A collection of ten essays, Appalachia North explores links between person and place. Beautifully written, the pieces examine memory and history, geology and humanity, and metaphor and narrative. Unlike a thesis-driven argument, each essay is a thinking-through that encourages one to imagine multiple possibilities. The form of the collection mimics what it reveals: to know a place or a person is to know each from many particular points of view, near and far.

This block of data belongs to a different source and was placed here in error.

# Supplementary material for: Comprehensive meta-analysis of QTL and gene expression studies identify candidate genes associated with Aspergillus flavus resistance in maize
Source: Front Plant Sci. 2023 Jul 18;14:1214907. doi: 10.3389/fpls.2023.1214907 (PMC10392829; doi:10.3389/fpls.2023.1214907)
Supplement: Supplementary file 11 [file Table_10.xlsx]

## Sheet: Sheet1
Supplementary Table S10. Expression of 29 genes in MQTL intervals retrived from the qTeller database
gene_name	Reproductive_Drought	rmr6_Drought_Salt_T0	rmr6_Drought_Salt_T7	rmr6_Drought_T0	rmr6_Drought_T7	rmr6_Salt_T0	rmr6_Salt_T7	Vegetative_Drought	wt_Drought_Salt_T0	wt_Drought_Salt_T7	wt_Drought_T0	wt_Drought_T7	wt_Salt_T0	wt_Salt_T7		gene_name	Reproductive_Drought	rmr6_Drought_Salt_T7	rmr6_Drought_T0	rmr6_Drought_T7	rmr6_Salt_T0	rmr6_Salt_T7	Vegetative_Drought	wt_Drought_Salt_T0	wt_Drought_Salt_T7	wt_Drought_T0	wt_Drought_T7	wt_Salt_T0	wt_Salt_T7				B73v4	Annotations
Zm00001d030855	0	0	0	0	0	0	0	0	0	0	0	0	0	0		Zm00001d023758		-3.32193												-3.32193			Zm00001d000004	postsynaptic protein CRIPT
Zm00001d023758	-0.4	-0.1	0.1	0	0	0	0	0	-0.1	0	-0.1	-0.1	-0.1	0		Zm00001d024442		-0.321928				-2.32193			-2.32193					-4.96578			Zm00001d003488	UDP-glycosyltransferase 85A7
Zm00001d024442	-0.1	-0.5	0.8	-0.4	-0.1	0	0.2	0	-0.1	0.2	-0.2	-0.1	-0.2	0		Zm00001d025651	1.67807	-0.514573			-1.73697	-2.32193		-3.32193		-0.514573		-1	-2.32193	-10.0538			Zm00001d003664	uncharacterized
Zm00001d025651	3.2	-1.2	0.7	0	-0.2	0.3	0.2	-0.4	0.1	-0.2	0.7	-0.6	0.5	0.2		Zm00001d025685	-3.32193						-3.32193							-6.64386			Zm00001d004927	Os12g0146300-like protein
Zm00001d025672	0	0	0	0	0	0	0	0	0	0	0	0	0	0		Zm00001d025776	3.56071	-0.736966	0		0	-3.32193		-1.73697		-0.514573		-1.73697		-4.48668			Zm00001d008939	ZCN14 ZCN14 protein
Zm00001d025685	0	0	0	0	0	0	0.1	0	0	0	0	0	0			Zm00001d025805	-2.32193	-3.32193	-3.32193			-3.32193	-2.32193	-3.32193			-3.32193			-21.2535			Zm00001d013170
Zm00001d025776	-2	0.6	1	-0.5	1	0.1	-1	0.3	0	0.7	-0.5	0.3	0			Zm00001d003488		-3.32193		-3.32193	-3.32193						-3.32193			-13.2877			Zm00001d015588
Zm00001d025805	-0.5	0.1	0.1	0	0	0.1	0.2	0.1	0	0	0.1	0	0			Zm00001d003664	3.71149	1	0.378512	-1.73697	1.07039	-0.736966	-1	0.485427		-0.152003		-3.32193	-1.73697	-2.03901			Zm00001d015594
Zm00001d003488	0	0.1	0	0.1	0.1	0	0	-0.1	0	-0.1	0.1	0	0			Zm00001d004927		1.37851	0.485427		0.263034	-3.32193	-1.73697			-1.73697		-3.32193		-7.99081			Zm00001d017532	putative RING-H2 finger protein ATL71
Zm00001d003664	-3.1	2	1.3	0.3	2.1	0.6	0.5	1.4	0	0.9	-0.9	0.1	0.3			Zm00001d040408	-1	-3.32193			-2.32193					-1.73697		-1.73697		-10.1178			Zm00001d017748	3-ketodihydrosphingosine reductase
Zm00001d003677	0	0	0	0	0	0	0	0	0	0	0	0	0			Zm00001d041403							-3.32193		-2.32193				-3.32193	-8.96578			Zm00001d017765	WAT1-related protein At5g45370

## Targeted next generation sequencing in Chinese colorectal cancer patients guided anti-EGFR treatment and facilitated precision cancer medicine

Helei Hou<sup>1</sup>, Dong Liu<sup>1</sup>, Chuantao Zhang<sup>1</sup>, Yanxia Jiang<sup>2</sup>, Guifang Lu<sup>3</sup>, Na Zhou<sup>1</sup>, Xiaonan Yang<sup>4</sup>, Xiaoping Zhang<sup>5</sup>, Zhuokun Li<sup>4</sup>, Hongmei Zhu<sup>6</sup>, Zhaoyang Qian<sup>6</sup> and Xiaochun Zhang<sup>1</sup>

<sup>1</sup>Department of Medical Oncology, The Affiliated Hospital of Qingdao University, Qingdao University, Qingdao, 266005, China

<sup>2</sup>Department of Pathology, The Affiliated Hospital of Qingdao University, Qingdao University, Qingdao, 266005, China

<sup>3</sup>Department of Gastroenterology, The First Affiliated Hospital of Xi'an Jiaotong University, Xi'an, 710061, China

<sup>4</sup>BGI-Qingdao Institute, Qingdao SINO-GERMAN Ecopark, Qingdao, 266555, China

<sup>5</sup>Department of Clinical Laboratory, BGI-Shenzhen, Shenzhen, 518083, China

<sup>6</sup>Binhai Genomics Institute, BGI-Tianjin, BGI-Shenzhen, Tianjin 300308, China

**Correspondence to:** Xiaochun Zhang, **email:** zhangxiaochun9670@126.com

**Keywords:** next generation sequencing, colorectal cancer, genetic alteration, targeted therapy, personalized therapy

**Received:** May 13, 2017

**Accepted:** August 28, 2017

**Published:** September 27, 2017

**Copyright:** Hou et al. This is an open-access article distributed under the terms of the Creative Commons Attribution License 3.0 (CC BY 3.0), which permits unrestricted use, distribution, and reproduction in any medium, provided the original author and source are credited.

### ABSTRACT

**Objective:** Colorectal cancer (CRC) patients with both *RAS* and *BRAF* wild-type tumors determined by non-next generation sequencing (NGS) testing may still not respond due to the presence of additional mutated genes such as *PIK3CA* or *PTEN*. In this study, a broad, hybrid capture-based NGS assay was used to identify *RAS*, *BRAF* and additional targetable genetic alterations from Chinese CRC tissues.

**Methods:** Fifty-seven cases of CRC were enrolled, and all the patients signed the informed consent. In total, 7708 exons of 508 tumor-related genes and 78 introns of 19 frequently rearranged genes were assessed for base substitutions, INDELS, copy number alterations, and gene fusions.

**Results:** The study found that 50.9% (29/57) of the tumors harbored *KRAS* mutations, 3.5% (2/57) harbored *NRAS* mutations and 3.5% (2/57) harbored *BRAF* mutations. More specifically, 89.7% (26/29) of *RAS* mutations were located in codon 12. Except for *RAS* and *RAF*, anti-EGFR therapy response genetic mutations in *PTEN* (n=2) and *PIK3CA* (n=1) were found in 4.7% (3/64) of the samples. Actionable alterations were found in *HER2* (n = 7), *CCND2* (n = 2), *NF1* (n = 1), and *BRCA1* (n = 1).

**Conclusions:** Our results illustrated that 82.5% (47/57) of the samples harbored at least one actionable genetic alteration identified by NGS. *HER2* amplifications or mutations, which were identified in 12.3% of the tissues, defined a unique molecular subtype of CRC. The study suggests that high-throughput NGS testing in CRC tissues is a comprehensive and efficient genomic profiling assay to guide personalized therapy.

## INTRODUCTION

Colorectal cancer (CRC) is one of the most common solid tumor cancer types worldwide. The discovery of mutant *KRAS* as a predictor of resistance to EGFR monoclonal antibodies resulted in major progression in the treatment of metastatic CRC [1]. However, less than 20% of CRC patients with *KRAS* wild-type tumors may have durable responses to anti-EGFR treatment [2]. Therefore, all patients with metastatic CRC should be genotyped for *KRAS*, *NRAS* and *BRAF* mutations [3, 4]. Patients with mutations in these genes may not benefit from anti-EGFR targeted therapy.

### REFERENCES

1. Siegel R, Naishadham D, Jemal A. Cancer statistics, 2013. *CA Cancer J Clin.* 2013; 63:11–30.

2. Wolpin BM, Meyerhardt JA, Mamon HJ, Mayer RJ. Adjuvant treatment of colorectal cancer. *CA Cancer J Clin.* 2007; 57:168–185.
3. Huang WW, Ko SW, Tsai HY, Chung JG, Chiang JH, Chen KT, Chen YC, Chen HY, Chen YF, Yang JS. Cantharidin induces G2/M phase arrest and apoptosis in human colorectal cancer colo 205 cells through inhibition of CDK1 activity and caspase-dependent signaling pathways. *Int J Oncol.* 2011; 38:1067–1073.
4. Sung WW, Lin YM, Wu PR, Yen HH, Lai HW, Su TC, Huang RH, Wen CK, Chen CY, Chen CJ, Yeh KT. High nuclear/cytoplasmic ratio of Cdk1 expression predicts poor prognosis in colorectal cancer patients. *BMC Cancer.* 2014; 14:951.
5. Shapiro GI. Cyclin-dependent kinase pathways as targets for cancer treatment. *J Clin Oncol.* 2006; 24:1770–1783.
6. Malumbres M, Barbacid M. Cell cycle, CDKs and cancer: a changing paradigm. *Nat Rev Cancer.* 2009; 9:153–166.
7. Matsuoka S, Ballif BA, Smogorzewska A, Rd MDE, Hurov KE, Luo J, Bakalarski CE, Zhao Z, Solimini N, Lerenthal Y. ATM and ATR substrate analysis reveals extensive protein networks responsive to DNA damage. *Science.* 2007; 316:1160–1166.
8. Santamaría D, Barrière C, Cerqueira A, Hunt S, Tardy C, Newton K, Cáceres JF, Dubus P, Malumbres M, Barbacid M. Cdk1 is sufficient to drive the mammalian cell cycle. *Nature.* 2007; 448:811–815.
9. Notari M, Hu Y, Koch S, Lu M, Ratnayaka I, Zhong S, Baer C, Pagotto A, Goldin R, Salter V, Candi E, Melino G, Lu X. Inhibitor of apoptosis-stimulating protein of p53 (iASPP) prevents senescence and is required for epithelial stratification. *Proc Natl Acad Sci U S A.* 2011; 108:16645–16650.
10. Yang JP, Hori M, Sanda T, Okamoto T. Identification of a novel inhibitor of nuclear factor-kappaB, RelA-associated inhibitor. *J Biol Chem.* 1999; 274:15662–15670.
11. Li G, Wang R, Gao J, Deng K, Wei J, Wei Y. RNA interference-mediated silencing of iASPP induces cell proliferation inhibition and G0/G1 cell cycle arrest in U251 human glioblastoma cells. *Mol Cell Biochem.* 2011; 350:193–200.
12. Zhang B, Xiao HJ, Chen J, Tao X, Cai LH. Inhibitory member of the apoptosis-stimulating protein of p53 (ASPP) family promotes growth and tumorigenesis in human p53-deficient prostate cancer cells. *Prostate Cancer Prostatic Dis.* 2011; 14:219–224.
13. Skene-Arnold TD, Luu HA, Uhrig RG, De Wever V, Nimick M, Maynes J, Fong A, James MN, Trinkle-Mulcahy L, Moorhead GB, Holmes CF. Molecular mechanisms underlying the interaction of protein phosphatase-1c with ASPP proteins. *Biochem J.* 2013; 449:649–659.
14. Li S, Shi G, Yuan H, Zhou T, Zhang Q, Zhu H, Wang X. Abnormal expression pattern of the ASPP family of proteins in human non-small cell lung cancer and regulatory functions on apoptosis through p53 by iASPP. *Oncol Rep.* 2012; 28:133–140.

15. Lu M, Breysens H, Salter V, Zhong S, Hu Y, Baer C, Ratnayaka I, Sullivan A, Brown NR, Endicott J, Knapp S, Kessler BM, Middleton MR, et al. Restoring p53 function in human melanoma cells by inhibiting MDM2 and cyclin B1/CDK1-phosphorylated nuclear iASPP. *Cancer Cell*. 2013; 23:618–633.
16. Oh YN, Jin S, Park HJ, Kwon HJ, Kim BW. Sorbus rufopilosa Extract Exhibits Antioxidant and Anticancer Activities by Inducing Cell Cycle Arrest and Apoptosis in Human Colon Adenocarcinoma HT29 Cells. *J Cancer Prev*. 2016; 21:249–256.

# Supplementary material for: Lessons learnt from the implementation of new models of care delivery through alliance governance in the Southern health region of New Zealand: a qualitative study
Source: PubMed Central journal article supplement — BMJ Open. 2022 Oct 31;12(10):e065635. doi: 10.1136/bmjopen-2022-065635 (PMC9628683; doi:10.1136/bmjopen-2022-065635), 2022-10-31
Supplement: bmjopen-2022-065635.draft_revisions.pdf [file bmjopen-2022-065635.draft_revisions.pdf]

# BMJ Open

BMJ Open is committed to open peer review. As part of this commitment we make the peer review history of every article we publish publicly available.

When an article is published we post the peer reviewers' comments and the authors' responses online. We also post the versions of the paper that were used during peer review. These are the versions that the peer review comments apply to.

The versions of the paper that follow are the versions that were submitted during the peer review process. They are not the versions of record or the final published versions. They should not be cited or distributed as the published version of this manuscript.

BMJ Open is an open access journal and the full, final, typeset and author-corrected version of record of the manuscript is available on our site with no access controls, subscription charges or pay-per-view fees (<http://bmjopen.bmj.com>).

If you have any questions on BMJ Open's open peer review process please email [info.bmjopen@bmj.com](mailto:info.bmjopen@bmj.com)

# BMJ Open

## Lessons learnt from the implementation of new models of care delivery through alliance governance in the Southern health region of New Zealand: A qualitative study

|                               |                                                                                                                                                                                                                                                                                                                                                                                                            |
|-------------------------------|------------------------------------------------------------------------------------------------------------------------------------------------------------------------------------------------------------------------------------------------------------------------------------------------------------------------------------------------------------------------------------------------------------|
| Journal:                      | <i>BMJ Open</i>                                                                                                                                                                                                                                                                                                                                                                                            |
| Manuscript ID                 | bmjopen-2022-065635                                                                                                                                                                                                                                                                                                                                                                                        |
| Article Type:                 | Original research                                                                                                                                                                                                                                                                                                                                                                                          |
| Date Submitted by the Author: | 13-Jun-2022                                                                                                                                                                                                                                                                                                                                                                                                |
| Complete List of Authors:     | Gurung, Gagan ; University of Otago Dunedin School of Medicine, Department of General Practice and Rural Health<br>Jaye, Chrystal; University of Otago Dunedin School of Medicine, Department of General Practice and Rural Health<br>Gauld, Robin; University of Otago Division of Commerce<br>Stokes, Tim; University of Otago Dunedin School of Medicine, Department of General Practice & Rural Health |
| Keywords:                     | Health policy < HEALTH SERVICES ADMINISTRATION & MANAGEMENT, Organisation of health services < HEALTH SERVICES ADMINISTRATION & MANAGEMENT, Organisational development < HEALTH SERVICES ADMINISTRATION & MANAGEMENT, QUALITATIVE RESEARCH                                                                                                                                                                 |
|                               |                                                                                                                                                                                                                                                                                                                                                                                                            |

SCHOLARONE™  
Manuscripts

Ferrence reveals the complexities of Appalachia as a place, a subject, and a wellspring of selfhood. Upending the usual definition of Appalachia as an isolated, poverty-stricken region below the Mason-Dixon line, he shows that identity, whether of a place or a person, is neither single, nor fixed; it contains multitudes (10). Seeking new ways to understand himself and his native region (10), he embraces western Pennsylvania as northern Appalachia, a “subset of a subset of America” (3)....

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